Posts Tagged ‘George Blanda’

1960: Oilers Win 1st Official Game, 37-22

October 22, 2013
George Blanda (#16), QB of the 1960 Houston Oilers

George Blanda (#16), QB of the 1960 Houston Oilers

The weekend of September 9-11, 1960 marked the birth of the new American Football League as the time for the eight club circuit’s first four official games. Here are a few notes to help you keep track of the teams this UPI report is actually talking about. Because of certain changes and double uses, it may be confusing to newcomers as to how these mascot names have sometimes evolved, disappeared, or mutated into favor in some other cities over time:

Boston Patriots: Boston is still good enough as an identity for the Red Sox, but not the Pats. Infected by the marketing era of trying to make each club more appealing to a larger fan base area, they later became what now are, the New England Patriots. Hmmm. Makes you wonder how the Boston Red Sox ever managed to stay popular without also becoming the New England Red Sox, doesn’t it?

Buffalo Bills: They always were. Always will be. And always remain the same old Buffalo Bills. – Now, does that all three time stations description of the Buffalo Bills also make them “God”? My guess is – “only in Buffalo”.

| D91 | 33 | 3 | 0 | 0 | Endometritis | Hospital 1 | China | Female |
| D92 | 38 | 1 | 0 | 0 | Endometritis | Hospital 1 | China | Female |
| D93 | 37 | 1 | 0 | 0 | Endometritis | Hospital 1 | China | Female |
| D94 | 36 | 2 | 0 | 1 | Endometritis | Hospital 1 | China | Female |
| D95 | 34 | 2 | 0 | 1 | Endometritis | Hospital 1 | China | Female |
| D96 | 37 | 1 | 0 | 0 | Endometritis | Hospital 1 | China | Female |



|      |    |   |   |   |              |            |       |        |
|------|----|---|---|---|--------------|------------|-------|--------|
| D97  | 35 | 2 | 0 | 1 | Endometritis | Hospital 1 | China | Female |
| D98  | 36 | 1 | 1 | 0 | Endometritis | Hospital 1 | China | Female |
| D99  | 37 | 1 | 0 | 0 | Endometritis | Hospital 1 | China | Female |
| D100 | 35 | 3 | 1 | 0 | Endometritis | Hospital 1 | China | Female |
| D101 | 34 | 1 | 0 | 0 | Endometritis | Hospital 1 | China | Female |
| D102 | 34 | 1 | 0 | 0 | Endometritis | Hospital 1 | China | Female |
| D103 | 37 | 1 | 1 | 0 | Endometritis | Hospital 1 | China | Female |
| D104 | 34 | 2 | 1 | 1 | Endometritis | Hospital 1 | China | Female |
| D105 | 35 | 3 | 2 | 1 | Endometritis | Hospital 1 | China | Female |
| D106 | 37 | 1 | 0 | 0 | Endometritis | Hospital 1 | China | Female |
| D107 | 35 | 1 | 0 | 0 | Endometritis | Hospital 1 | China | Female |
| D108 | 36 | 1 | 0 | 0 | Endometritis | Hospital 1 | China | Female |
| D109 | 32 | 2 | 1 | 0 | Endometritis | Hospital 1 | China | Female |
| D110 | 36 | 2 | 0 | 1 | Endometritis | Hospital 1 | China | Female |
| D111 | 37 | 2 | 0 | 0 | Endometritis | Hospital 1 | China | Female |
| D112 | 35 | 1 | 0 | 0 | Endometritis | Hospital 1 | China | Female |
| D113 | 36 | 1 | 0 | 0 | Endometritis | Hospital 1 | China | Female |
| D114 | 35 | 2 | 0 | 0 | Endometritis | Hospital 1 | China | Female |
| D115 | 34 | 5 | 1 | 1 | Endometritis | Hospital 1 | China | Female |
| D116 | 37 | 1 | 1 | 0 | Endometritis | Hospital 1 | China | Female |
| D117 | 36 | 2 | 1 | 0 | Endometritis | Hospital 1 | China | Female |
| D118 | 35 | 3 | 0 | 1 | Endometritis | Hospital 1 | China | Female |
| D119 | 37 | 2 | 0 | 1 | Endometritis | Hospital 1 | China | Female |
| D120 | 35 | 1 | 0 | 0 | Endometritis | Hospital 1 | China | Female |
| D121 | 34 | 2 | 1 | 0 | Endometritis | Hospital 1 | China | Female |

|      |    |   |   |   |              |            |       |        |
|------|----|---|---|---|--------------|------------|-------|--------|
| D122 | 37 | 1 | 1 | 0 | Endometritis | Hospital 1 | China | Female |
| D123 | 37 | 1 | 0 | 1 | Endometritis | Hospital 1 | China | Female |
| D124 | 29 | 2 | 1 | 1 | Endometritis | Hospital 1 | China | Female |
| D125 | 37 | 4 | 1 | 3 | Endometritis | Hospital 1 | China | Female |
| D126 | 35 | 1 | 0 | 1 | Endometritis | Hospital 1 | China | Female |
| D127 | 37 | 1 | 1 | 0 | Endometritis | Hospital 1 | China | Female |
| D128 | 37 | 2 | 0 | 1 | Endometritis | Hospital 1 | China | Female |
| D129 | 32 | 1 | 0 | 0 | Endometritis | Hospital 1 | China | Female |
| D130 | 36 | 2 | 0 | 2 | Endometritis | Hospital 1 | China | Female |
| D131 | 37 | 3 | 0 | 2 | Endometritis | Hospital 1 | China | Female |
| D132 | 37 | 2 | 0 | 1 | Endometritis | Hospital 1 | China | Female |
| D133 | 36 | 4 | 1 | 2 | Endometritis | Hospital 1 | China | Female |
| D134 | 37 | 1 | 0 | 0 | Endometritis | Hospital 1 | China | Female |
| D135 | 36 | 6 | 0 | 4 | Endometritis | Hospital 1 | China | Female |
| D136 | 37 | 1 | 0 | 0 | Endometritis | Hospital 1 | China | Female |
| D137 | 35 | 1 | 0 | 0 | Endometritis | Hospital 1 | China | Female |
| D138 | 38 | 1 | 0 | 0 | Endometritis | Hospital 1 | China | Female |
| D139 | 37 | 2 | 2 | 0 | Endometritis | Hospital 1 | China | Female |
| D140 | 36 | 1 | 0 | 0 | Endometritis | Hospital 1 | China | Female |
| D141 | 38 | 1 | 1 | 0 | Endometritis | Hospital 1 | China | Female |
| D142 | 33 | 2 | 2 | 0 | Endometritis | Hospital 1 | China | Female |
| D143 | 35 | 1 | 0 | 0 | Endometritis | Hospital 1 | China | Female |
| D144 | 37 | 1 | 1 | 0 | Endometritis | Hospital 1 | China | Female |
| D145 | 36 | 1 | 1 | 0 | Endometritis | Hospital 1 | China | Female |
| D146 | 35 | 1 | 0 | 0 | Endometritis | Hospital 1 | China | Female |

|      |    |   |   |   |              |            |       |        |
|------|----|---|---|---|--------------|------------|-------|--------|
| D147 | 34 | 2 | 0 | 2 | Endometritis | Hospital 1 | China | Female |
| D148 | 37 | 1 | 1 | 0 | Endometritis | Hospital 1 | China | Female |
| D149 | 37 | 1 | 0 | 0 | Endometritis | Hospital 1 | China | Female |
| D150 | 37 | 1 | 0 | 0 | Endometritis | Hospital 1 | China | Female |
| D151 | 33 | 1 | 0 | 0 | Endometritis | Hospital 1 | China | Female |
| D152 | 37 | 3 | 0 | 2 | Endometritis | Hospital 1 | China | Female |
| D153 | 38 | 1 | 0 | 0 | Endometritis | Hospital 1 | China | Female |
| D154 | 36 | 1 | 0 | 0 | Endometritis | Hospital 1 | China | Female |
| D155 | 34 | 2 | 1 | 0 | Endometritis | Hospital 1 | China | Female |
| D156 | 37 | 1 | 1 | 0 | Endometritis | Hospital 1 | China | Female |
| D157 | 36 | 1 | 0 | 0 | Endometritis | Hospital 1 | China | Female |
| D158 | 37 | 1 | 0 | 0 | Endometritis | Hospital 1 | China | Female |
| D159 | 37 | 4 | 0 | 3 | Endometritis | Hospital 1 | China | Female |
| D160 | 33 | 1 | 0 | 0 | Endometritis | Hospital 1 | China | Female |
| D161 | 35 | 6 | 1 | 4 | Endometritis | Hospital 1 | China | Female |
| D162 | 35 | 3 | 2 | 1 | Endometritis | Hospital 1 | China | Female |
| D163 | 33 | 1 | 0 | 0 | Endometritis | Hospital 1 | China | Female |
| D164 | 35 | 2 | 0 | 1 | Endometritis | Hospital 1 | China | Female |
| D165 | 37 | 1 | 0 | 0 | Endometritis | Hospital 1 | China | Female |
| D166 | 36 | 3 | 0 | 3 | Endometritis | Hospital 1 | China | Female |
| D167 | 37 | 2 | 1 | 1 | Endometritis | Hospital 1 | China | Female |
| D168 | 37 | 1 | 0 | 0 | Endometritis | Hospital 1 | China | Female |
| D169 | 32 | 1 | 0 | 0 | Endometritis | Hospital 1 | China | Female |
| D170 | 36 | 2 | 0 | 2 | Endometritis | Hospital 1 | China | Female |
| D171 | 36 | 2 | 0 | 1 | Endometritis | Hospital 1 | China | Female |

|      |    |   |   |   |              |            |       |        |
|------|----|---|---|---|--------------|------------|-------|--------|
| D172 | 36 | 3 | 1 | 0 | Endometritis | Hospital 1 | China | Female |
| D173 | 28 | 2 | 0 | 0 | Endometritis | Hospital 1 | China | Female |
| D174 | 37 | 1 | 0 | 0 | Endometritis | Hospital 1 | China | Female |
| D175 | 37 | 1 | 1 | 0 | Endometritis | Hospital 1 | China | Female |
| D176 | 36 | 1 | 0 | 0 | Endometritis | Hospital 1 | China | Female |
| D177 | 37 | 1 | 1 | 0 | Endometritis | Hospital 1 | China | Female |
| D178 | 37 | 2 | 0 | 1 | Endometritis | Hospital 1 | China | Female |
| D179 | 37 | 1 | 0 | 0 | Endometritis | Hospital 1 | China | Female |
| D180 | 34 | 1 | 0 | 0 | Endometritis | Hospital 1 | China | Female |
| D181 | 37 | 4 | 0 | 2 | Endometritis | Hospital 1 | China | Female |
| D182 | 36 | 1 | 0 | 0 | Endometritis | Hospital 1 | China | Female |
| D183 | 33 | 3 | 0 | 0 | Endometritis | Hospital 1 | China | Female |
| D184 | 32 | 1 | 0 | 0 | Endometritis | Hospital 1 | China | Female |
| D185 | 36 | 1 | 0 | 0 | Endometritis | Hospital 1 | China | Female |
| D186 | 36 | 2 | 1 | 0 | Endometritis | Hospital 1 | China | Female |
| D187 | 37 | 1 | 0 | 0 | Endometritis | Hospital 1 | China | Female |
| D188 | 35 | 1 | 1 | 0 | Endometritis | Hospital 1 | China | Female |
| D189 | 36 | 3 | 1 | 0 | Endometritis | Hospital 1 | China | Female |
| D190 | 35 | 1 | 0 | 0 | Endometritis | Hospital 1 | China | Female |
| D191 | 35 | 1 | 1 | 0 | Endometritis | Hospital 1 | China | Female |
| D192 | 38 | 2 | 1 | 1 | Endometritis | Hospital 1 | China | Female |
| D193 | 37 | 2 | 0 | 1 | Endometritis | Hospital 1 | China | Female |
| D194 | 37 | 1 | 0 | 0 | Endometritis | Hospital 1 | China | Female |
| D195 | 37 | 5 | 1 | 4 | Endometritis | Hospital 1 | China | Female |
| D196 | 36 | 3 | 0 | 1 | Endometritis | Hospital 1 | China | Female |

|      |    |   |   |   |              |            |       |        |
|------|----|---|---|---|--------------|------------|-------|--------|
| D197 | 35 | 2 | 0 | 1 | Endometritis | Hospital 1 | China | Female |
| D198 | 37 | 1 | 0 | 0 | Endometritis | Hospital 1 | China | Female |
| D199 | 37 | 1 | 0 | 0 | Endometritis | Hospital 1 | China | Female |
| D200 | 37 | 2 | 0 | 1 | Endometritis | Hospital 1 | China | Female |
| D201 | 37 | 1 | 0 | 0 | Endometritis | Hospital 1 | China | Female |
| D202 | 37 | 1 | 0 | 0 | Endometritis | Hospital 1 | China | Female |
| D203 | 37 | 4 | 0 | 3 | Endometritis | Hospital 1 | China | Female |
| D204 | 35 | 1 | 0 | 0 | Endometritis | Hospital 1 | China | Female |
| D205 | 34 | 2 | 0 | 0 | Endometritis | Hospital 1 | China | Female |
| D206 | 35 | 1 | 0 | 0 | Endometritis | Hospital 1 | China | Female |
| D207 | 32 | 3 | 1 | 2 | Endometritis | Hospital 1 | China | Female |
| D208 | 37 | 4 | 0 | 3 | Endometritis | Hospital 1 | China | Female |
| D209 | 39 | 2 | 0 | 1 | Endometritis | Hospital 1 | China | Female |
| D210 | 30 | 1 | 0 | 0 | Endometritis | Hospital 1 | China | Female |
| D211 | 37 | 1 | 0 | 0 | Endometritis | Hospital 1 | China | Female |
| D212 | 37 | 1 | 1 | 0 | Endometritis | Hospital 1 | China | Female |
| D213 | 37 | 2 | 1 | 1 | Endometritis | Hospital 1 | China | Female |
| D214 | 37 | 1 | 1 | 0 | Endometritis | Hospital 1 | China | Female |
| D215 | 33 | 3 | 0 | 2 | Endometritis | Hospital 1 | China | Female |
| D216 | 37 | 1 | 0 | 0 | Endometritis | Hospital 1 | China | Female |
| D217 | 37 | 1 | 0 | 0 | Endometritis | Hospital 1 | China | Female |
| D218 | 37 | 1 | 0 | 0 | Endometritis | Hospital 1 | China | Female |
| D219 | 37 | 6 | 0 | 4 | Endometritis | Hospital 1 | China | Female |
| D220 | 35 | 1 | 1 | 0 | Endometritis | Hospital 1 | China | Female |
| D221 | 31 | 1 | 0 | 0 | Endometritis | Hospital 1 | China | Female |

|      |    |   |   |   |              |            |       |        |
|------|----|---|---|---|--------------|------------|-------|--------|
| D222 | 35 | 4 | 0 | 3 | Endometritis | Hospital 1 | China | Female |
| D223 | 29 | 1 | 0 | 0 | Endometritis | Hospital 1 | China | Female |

Dallas Texans:  There’s a scent of missed irony here, among current television media people covering the 2013 NFL, at least. Maybe it’s just old news that no longer matters, but I will express it here, anyway. Last Sunday, when the Houston Texans lost 17-16 to the undefeated Kansas City Chiefs, they fell to the club that was originally known as the Dallas Texans. That is, before they moved from Dallas to Kansas City and became the Chiefs as part of the NFL-AFL war settlement.

Denver Broncos: The Broncos won the first official league game over Los Angeles on Friday, 9/09/1960. They have remained over time who they always were – the Denver Broncos.

Houston Oilers: Most of us in Houston know this one by heart. When the club deserted us in 1997, they took our identity with them to Tennessee to play briefly there as the Oilers before adopting an old New York moniker  and becoming the Tennessee Titans that still are today.

New York Titans: This club has no common team history with the bunch now operating in Tennessee. They had to change their nickname for the best of reasons. – The early years performance record of the New York Titans was no better than the success mark of the great steamer Titanic. All their hitting ran them straight into business icebergs that sank the ship every season. You guessed it. – They changed their name to the New York Jets and were later saved by Joe Namath.

Los Angeles Chargers: The club eventually moved south to become the club they still are today, the San Diego Chargers.

Oakland Raiders:  Theirs was the perfect identity for the “Somali Pirates” of professional football. Like Jean LaFitte too, the Raiders sometimes pulled up stakes for safer ground, but always returned to their home in the waters of Oakland. Today their middle years playing out as the Los Angeles Raiders almost seems like a bad dream that never really happened. – But it did.